7

JPEG Quality of 9 ~ 10 out of 12 (or 70 ~ 84 out of 100) is pretty indistinguishable from uncompressed. See this article for an in-depth comparison. In short, if you have less color gradients, you can get away with higher compression (lower quality values). For PPI (what you care about), in general, 240 to 360 PPI is high quality. This depends on typical ...


6

Every digital image has a specific size: the width and height in pixels. The amount of information depends on that. In digital image files, the number of pixels per inch is just a hint. It indicates a proportion that should be used for calculating the actual size of the image when printed. If you have an image of 1000x1000 pixels and you print it at ...


5

It depends on a few factors - primarily the print technology that is going to be used, and secondly what the print is to be used for. The D700 shoots at 4256 × 2832 (12.1 MP), so the largest Square frame you can print at 1:1 pixel ratio would be 2832 x 2832 pixels. Lets say the print is to be at 600 DPI, which is a fairly standard high quality signage dpi, ...


5

Pixels per inch don't actually exist until the image is rendered onto some physical medium such as paper or the monitor on your computer. The device doing the rendering determines PPI and PPI determines how large the image will appear when rendered. Rendering your 4000x3000 on a device capable of producing 240 PPI would produce a 16.6"x12.5" physical ...


5

PNG compression quality varies greatly from compressor to compressor. The standard PNG compression in Photoshop for example can sometimes commonly be beat by large percentage points. This is primarily due to more intelligent switching algorithms when it picks the kind of prediction to do for a certain set of pixels. Most of the "additional" compression is ...


4

The DPI setting coming out of the camera doesn't mean much (if anything). You have a fixed number of pixels coming out of the camera (4272 x 2848, to be exact). Since you're enlarging it quite a bit, you probably want to shoot in raw format to ensure you get everything that camera can produce. Once you've done that, you might want to "upres" the picture to ...


4

I'm going to sort of disagree with all the other answers that talk about DPI or PPI rules of thumb, and suggest two different 'rules' (based on PPD, from another answer of mine) Rule 1 — The 'Retina' rule (aka the Pixels-Per-Degree (PPD) / 'better than your eye can see' rule) This comes pretty much straight from Apple's Retina display designs, the idea ...


4

The number is just a random filler. It has no significance since the camera does not know how big you will print. Most cameras default to 72 which according to the EXIF standard is the default value. Some cameras let you set it yourself. Then again, it has little meaning unless you will print all your images without cropping exactly at the same size.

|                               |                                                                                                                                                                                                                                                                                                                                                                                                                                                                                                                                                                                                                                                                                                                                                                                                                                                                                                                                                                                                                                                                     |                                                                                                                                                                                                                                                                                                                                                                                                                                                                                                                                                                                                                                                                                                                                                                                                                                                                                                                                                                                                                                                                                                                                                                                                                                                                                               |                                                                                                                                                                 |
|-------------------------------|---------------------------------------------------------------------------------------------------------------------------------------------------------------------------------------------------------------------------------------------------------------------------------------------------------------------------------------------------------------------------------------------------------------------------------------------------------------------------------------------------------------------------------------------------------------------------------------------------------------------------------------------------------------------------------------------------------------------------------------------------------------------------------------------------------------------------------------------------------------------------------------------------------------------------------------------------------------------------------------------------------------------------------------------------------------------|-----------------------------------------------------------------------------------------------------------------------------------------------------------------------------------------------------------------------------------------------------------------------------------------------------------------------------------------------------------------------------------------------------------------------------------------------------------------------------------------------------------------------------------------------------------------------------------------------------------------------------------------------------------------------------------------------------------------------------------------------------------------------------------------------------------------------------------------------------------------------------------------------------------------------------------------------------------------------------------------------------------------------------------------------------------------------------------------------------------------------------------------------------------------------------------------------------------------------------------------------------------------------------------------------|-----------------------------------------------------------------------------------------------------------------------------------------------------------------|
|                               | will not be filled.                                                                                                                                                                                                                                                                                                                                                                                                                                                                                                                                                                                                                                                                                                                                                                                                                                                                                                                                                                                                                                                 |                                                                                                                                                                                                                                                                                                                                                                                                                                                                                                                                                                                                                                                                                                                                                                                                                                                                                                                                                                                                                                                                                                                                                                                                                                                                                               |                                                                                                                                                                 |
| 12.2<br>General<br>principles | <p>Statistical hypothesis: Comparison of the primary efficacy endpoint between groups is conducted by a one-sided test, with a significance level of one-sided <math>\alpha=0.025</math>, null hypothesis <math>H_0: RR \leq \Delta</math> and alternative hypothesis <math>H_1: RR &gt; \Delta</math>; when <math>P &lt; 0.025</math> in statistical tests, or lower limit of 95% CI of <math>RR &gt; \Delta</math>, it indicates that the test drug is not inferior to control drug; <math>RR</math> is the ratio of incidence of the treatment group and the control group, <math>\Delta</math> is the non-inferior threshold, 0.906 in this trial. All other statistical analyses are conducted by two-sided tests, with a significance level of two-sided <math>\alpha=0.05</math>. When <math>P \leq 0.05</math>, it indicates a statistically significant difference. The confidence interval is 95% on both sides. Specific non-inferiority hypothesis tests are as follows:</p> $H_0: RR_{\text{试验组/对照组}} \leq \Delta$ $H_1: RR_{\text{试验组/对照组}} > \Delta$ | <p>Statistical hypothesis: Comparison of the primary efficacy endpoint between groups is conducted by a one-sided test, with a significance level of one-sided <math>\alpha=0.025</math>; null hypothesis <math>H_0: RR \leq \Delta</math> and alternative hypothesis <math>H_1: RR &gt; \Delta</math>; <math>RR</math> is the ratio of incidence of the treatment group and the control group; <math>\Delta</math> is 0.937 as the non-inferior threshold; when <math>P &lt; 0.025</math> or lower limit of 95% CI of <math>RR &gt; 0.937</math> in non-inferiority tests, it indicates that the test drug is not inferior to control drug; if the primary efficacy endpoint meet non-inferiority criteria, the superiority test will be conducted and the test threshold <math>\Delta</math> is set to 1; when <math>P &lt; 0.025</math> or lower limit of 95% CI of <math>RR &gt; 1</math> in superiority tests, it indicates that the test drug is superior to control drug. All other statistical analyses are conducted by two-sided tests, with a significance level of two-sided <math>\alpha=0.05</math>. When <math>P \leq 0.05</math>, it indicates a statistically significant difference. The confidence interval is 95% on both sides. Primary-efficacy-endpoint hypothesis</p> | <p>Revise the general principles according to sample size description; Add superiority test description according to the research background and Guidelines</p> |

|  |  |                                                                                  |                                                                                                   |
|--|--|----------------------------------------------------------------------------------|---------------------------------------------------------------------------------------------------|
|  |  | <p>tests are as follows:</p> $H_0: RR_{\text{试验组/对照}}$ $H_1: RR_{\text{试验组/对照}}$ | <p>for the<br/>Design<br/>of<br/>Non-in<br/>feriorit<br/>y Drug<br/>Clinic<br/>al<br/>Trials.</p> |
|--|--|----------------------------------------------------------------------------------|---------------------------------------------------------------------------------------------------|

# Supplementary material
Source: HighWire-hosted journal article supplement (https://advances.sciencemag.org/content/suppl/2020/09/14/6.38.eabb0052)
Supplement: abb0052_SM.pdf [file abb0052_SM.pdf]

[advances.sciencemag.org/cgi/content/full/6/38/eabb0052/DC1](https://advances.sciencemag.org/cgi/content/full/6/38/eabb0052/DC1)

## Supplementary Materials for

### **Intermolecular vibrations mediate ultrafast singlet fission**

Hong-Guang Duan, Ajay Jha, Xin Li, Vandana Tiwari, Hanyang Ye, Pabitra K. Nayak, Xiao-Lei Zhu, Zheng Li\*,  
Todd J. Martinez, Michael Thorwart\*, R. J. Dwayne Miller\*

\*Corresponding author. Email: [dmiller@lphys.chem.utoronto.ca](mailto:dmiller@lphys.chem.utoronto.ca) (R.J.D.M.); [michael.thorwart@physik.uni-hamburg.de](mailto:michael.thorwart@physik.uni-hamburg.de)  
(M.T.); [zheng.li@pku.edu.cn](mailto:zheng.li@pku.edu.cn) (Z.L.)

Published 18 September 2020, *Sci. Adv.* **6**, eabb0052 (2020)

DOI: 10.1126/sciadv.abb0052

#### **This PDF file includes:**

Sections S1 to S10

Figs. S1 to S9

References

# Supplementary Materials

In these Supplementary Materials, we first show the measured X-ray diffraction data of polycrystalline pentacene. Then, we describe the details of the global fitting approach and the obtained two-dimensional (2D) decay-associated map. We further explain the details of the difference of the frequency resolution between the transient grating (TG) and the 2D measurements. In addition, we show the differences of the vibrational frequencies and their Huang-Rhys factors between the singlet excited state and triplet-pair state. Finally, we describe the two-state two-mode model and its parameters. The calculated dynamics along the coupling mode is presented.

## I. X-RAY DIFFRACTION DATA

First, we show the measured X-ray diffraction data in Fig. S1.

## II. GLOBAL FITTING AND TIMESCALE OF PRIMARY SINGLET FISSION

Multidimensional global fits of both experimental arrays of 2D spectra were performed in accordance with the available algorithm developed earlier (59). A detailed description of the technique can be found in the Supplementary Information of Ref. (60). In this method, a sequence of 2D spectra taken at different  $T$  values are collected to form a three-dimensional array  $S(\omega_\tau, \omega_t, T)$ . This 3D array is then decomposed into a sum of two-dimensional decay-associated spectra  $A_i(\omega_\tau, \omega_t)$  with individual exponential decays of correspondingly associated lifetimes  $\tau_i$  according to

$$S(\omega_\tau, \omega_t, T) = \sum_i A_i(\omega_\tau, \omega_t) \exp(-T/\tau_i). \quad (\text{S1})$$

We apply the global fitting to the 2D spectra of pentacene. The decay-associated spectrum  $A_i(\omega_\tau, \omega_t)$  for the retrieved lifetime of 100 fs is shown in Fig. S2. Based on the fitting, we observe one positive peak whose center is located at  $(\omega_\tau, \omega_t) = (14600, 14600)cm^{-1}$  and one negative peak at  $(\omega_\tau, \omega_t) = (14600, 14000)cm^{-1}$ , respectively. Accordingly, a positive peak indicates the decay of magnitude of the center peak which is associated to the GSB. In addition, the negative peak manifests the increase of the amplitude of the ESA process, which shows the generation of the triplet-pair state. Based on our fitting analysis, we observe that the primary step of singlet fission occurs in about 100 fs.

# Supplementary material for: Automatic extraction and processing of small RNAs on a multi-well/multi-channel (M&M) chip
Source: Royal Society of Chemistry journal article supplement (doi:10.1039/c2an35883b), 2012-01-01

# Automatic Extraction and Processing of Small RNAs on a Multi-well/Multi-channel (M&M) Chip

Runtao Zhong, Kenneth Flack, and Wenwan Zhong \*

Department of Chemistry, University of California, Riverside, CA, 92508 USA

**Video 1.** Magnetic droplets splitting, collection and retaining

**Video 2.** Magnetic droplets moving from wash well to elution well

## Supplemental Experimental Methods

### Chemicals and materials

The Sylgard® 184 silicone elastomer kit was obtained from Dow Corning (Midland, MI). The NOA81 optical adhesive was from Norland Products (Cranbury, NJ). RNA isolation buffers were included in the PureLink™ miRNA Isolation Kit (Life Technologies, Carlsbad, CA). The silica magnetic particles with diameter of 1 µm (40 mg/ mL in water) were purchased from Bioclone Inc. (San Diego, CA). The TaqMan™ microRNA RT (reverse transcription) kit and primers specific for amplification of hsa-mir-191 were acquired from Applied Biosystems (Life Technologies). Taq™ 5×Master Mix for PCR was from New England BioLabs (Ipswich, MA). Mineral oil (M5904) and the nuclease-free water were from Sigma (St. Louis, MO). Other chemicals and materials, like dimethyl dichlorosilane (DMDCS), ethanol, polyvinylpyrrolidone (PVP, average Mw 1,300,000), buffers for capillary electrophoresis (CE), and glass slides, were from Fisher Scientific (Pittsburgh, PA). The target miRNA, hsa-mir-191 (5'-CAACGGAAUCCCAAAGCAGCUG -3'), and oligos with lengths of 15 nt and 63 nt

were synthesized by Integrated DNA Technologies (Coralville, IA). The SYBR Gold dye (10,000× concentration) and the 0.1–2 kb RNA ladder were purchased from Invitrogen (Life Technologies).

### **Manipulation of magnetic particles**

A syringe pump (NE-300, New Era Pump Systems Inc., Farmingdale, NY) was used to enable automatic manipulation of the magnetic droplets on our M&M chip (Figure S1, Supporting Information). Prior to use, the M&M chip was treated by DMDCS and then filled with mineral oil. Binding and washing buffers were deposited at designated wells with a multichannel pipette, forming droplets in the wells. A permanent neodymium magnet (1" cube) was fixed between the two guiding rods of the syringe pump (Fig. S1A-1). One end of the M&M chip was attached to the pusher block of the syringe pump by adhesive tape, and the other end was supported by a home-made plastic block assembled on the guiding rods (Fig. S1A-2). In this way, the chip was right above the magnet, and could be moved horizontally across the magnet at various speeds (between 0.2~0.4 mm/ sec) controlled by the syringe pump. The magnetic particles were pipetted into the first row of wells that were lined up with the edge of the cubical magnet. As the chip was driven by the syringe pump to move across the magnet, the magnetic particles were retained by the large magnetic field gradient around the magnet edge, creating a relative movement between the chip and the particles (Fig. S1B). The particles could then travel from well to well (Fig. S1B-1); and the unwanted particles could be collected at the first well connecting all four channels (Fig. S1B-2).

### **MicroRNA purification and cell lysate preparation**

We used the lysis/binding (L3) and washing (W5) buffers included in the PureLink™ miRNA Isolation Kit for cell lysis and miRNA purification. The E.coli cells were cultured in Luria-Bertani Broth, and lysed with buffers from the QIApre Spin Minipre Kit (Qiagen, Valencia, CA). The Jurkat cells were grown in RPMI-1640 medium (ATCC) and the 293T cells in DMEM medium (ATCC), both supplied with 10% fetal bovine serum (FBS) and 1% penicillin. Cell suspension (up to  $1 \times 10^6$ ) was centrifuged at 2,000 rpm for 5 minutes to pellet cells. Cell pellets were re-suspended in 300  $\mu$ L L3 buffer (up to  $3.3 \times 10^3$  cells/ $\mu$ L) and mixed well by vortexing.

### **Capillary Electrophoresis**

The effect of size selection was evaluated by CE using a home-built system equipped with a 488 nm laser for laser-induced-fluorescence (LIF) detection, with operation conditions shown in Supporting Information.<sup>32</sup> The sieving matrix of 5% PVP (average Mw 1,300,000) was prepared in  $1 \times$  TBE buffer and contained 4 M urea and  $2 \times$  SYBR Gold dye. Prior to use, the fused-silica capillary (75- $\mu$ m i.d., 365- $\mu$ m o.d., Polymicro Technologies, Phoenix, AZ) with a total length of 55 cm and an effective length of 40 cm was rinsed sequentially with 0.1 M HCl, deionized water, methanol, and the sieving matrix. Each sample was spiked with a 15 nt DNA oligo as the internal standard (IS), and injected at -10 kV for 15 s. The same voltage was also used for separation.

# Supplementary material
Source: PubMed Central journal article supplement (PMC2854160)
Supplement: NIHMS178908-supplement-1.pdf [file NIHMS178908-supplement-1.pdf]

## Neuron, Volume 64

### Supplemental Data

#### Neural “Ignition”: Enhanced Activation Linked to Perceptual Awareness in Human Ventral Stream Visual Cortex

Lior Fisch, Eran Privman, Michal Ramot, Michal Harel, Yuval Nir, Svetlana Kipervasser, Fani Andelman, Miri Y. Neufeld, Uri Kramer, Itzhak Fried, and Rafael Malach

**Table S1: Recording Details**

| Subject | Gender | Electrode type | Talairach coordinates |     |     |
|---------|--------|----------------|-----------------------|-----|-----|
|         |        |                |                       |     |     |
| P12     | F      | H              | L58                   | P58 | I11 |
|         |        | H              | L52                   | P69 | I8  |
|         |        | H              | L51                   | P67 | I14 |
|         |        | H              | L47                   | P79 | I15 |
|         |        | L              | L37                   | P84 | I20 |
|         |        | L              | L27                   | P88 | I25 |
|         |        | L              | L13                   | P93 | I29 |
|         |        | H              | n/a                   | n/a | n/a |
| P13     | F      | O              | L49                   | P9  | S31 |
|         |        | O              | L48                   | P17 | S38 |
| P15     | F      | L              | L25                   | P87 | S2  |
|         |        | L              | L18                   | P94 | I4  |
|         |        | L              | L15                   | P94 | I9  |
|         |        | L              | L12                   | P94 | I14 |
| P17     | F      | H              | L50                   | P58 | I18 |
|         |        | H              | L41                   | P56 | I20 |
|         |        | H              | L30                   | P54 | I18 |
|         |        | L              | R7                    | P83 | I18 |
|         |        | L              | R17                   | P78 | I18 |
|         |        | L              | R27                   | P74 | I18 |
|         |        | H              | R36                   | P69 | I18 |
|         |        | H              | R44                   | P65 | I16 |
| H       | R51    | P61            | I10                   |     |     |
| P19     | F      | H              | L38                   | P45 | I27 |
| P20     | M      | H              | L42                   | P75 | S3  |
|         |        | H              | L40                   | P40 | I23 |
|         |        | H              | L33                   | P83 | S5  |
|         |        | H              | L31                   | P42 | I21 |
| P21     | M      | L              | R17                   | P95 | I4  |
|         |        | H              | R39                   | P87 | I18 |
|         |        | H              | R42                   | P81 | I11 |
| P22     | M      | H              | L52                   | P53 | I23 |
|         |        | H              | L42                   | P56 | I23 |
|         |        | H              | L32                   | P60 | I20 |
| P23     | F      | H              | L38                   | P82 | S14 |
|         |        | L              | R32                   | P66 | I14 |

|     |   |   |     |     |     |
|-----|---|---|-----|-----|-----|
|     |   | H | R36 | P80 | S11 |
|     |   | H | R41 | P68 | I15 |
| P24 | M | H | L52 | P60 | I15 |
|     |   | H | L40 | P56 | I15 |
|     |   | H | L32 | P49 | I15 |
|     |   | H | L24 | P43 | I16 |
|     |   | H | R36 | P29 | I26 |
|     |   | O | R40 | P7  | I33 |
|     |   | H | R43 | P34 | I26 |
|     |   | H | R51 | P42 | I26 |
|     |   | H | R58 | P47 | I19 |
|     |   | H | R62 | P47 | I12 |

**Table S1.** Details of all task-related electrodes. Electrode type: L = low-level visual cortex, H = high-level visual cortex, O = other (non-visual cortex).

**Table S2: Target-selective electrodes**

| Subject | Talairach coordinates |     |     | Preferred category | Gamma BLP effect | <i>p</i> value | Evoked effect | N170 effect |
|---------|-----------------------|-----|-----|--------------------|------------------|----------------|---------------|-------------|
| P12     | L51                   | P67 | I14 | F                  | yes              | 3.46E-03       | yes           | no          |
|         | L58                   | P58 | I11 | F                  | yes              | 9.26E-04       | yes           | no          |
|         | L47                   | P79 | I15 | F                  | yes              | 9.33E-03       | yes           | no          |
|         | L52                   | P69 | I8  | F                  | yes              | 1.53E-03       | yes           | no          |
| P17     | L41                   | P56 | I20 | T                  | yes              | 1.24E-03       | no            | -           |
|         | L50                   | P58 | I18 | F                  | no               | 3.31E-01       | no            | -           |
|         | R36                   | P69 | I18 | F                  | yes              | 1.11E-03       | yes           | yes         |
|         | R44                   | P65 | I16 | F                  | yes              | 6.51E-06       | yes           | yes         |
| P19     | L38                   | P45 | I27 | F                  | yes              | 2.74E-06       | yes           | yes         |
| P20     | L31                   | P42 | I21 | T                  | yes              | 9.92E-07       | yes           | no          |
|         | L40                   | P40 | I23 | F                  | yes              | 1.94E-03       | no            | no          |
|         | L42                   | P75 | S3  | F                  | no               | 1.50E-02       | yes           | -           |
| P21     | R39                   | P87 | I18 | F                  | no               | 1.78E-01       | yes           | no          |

4

The DPI setting (or PPI to be pedantic) only specifies how the pixels should be translated into absolute metrics. The 5400 PPI for the 900x500 pixel image only means that it represents 0.1667x0.0926 inches (4.23x2.35 mm) in absolute metrics. When an image is shown in the browser, it totally ignores the absolute metrics. The image is shown by its pixel ...


4

An image has no physical size, it is simply a collection of pixels. A 1280 pixel wide image will be rendered 20cm wide on my old computer monitor, but the same image will be rendered just 9cm wide on my phone. The DPI value embedded is metadata recording the "intended" physical size. As such it can be set to whatever value the user desires. The value is ...


4

You can use MS ICE for stitching together 3 photos, or use a 12k px linescan camera, panning over some wood, or go the computer graphics way. Wood textures are pretty common in 3D modelling software.


3

What you're suggesting in terms of resizing sounds correct, and you can use any number of tools to do it. If you're on Windows you can use IrfanView, and naturally almost any of the pro line of tools will do it (such as Photoshop). It's also worth noting that most of these tools will also let you set the width as a function of their physical size (cm, ...


3

For printing, i usually scale photos to 300dpi. Since 10cm x 15cm are approximately 4in x 6in, that means scaling to 1200 times 1800 pixels.


3

In my experience those numbers have no special meaning. The camera makers just pick one and use it in all their firmware.


3

The DPI reported in a JPEG file is just a metadata field. That is, it's intended to offer a hint to software that displays or prints image files, but it's not immutable, in practice it's not authoritative or enforced, and it's usually ignored by most software and photographers alike. The actual DPI of a displayed image is determined by the absolute ...


3

Besides the algorithms described in other answers, small images' file sizes can be reduced by stripping out metadata from the file. EXIF/IPTC data can add up to 64 kilobytes to a JPEG image.